Aug 172017
 

karen-gagne-webBy Karen Hatch Gagne, Director

Summer is going by fast and the Maine Agricultural Fairs are in full swing.  Thank you to all the Granges who have taken the opportunity to exhibit at your local fairs.  I have seen some fantastic displays, many focused on the 150th year of the Grange.  The summer and fall season of fairs provides you with more opportunities to exhibit at fairs, please consider setting up a display.

I want to thank all the Granges and individuals who have sent in money in support of the Maine State Grange Agricultural Scholarship.  We are pleased to be awarding four post-secondary scholarships this year.

The Agricultural Committee is working on the Ag Luncheon at the Annual Maine State Grange Conference.  Our luncheon will be held on Thursday noon and the speaker will be  Ms. Amber Lambke, President and CEO of Maine Grains and co-founder of the Maine Grain Alliance located at the Somerset Grist Mill in Skowhegan.  More information about luncheon tickets and location will be available when Maine State Grange information is sent out.  Save the date and join us at the AG luncheon on October 19.

Our committee is also working on the luncheon in support of the Maine Ag in the Classroom Annual dinner meeting to be held in November at State Grange Headquarters.

Enjoy the rest of your summer!

Aug 142017
 

HeatherBy Heather Retberg

Late summer’s observations blur together as we fall further headlong into August’s frenzied pace.  While the frenetic energy of the season surrounds us, we walk at placid cow speed up and down the fields to and fro from the barn for milking times, or at goat pace, measured and halting for select morsels en route.   One observation: stay at a safe distance from cow’s rear end.  Yes, for that obvious reason, but also at a good distance removed so the airborne stream of flying cow saliva won’t land across the face.  While swatting flies ourselves, we must attend to the cows flinging their massive heads and long tongues backward to swat flies in the bovine fashion, letting a long strand of cow spit fly with each ‘swat’.    Watch out for that.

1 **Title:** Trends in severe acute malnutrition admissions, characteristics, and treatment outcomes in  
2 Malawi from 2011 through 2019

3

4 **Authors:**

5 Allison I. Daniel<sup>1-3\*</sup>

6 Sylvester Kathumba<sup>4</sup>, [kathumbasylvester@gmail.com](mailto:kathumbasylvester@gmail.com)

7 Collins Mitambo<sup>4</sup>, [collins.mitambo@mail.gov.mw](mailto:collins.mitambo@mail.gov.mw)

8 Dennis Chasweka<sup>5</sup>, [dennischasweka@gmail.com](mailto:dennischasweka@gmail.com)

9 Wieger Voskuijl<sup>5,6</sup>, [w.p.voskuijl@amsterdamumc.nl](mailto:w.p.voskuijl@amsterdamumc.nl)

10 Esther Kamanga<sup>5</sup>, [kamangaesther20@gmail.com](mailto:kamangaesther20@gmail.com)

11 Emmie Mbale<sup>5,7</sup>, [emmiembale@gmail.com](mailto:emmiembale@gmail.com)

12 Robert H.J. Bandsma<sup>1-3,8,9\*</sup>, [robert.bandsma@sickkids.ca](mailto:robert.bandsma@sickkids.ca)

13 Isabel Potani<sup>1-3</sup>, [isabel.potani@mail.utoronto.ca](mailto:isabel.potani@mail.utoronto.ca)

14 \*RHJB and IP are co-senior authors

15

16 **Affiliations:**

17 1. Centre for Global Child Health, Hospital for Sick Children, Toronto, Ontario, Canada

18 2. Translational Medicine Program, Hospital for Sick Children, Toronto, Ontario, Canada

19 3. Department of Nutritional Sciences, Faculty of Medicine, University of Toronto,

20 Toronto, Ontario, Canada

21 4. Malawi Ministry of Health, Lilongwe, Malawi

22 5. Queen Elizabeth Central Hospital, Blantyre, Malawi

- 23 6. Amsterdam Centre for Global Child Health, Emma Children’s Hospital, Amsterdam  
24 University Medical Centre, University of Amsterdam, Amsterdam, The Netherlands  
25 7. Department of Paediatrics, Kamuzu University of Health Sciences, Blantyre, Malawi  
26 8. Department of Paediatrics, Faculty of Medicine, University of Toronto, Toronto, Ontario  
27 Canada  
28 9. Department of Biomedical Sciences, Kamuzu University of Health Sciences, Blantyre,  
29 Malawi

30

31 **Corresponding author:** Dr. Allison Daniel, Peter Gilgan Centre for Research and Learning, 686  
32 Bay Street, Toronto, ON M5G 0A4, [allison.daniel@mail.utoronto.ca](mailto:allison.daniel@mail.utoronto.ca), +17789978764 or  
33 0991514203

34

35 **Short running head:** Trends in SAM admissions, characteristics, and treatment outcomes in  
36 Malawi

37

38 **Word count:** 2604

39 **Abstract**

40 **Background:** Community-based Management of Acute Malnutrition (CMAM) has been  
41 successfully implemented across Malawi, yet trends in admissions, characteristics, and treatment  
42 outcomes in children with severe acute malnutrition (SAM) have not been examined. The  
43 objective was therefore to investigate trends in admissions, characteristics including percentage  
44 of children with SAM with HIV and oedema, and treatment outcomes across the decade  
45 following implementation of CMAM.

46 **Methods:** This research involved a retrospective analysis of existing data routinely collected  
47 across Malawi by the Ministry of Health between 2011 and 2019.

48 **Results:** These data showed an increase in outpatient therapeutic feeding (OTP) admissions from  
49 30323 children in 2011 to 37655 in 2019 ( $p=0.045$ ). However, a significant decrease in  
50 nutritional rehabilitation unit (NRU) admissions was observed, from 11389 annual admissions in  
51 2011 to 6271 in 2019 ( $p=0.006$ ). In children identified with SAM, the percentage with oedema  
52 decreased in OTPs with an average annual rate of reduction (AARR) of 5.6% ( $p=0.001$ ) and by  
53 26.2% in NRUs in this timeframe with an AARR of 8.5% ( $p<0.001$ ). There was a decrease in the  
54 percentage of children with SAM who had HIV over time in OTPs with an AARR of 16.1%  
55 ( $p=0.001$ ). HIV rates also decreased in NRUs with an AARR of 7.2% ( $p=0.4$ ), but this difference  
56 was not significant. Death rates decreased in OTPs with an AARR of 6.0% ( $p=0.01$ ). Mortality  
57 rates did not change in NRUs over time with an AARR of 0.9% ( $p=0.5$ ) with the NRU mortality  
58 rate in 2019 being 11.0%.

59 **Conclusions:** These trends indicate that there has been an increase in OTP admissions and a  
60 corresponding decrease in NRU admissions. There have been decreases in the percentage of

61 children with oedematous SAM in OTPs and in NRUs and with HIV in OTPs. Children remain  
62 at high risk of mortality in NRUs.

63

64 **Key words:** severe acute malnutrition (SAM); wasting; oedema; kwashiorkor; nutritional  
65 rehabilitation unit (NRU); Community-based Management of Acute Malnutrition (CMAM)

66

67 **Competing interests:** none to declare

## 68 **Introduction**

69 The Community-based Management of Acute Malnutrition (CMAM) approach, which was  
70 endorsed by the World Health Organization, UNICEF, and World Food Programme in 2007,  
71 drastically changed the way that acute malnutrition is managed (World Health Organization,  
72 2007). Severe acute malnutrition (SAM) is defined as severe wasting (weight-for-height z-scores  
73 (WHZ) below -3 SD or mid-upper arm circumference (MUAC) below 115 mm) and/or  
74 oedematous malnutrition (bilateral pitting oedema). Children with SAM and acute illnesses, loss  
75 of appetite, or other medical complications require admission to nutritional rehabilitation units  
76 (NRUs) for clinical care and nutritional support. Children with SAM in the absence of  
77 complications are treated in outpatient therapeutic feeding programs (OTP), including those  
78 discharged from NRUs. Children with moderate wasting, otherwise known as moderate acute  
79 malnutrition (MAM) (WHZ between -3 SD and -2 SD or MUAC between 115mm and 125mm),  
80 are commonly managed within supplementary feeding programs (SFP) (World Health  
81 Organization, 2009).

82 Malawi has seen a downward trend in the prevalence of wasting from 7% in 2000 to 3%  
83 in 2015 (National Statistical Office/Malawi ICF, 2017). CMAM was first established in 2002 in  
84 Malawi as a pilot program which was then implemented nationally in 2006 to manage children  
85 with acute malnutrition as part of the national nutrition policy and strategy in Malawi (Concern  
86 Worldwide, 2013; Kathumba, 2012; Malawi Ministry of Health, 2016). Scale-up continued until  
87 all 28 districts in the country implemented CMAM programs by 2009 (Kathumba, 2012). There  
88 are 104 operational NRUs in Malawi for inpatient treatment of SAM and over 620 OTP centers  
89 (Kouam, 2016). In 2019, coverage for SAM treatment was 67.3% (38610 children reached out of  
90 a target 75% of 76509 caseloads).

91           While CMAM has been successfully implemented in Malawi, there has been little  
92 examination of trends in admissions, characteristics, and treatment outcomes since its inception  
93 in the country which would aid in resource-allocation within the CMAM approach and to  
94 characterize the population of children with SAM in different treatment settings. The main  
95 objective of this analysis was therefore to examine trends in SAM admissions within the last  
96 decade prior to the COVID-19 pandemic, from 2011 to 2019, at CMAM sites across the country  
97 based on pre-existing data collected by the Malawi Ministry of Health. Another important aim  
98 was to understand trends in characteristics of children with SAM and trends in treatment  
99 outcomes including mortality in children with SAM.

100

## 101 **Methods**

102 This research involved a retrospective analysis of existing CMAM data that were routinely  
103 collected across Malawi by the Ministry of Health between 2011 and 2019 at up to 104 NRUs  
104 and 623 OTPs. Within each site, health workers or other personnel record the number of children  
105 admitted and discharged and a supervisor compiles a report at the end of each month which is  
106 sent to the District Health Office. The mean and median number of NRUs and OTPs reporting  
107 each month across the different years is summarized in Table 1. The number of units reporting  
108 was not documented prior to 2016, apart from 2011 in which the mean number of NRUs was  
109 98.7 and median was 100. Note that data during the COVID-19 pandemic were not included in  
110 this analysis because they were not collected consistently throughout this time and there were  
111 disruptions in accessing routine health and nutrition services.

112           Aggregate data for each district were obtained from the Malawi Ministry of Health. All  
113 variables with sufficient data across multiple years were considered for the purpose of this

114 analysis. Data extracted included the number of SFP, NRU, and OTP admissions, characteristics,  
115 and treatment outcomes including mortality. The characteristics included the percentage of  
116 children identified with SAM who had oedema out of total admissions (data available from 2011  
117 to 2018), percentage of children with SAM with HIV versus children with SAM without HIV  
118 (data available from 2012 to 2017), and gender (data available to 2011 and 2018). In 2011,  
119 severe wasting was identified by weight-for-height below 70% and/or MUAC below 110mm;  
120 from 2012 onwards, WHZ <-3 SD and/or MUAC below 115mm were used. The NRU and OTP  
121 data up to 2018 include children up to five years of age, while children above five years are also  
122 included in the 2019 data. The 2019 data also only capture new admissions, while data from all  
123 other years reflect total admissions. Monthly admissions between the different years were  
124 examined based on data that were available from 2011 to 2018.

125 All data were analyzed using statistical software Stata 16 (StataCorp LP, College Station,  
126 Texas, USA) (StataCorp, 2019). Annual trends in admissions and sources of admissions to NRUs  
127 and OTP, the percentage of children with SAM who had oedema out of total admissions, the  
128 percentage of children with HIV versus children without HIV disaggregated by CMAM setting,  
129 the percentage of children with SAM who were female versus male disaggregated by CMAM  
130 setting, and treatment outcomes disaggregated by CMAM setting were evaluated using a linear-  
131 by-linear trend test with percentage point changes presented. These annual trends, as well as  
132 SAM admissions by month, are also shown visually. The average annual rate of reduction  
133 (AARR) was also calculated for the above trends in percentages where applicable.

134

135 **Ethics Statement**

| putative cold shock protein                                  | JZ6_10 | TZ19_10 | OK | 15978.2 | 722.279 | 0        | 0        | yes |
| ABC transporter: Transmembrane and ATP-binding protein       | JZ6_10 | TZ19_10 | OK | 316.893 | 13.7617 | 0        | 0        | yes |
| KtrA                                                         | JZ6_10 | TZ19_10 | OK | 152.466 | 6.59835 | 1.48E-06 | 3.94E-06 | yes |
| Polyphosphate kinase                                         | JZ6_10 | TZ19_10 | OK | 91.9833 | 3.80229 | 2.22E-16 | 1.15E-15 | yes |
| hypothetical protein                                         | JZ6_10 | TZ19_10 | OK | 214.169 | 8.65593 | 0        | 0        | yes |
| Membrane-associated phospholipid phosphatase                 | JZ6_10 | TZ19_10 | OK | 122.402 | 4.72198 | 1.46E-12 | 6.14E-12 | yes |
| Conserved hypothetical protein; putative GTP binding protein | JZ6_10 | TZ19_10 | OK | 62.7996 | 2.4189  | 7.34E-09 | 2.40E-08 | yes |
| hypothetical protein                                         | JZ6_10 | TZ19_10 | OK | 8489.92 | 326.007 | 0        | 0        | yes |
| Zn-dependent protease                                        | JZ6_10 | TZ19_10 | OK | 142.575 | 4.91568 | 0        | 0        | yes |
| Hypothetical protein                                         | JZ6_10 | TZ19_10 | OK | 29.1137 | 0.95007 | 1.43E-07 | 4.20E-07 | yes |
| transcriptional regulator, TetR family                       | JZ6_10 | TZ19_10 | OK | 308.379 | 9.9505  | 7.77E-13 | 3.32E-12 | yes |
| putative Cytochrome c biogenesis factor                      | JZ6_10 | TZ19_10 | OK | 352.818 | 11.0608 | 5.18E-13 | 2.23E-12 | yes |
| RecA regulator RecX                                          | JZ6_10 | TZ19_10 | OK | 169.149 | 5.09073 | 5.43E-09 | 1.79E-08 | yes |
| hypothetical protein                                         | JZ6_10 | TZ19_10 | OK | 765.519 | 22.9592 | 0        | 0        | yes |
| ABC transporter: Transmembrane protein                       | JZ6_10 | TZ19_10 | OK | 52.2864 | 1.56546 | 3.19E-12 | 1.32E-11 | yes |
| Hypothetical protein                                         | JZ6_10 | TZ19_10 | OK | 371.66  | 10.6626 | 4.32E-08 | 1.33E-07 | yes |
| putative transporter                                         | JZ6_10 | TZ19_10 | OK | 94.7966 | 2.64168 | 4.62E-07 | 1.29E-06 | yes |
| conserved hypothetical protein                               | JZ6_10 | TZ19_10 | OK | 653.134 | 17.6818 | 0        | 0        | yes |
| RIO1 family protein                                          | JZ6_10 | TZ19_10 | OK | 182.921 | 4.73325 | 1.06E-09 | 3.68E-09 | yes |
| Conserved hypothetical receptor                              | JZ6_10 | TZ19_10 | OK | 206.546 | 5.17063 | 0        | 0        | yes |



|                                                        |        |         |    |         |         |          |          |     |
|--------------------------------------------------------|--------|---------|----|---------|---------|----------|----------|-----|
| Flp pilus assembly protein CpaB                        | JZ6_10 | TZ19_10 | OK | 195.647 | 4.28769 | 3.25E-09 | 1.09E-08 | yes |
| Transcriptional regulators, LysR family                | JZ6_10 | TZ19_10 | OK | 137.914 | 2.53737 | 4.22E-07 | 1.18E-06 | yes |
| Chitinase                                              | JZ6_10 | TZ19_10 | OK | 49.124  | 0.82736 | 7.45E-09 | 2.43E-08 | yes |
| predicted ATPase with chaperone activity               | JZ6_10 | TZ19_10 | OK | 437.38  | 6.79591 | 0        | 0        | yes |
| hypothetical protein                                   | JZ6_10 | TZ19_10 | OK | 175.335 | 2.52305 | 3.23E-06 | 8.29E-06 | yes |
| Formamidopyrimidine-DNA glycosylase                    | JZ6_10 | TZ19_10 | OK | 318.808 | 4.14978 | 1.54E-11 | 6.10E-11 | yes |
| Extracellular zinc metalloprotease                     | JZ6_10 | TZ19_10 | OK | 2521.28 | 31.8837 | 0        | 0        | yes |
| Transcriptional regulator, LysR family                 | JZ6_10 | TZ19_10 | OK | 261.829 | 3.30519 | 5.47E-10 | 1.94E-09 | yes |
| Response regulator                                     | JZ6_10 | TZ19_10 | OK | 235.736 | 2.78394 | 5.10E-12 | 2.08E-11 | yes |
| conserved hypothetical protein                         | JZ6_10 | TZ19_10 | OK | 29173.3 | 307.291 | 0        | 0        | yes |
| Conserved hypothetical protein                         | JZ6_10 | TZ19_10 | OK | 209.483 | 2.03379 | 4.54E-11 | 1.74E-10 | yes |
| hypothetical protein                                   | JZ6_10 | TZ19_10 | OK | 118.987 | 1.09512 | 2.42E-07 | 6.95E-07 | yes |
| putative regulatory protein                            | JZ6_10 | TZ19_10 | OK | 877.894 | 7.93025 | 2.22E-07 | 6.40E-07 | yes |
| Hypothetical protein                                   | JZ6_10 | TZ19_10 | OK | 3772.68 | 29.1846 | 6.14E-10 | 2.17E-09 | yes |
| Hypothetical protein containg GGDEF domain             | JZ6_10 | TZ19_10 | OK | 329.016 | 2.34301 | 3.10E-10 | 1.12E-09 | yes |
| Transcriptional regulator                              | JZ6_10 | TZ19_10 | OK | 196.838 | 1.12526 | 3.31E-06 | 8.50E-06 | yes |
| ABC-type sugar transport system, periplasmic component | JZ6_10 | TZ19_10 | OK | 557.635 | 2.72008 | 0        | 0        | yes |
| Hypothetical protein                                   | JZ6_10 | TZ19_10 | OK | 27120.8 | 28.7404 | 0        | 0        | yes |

Once at safe distance from cow spit and meandering alongside our bovine friends, the mind meanders a bit alongside, too.   It is hard not to notice with a growing amount of August angst how very dry, hard, and dusty the cow path is, how fresh the wild mint smells as we inadvertently trample it in certain spots of pasture, how sweetly the pineapple weed smells, damp in the morning, but, oh, too crisp–really, truly brown and crisp–by evening.  The goldenrod is a welcome sight along the fencerows, autumn food for bees, monarchs have returned again in noticeable numbers to the farm, still surprising me by fluttering by the cows, behind the chickens, in the upper and lower fields.  There is hope.  It has been a few years since we’ve seen more than one.  If they can return, overcoming long distances, glyphosate and other monarch maladies, there is renewed impetus to continue toward a more regenerative agriculture, allowing the milkweed to grow in the marginal areas of the farm.

Freddy the bull is occupying our conversations and observations again.  Though we do not always succeed, we do aim to manage the breeding cycles in a staggered measure, not only for our/your milk supply but for cow health.  So, when sweet Mary went into standing heat yesterday, Freddy the bull was kept in the barn behind his herd, as it isn’t yet time for Mary to breed back again.  Too soon.  Freddy enjoys a sweet window of time when he can be with all his ladies, a time when they are all bred and his presence doesn’t disrupt.  But, when they’ve just calved (remember FOUR last month) and we aim to manage the calving and milk supply so that it isn’t all from 0-60 in one week again next year, then, Fred has to stay up at the barn with the calves while the good dairy ladies return to graze after milking.  This sounds much simpler than it is.  A barn suddenly seems a fragile wooden thing, when farmers intervene with the natural desires of bulls and cows.  Freddy immediately found the weak hinges and door holds to ram to return to Mary and the others in the field.  Phil quickly found the screw gun–fortification–and the steel tube cattle gate.  Freddy acquiesced, stopped nosing his head through doors and…wailed.  Managing a cow brothel is tricky doings.  At day’s end, Mary is with the other cows, Freddy is in the barn, and, we hope, your milk supply and cow health will be orchestrated in good fashion.  Phew.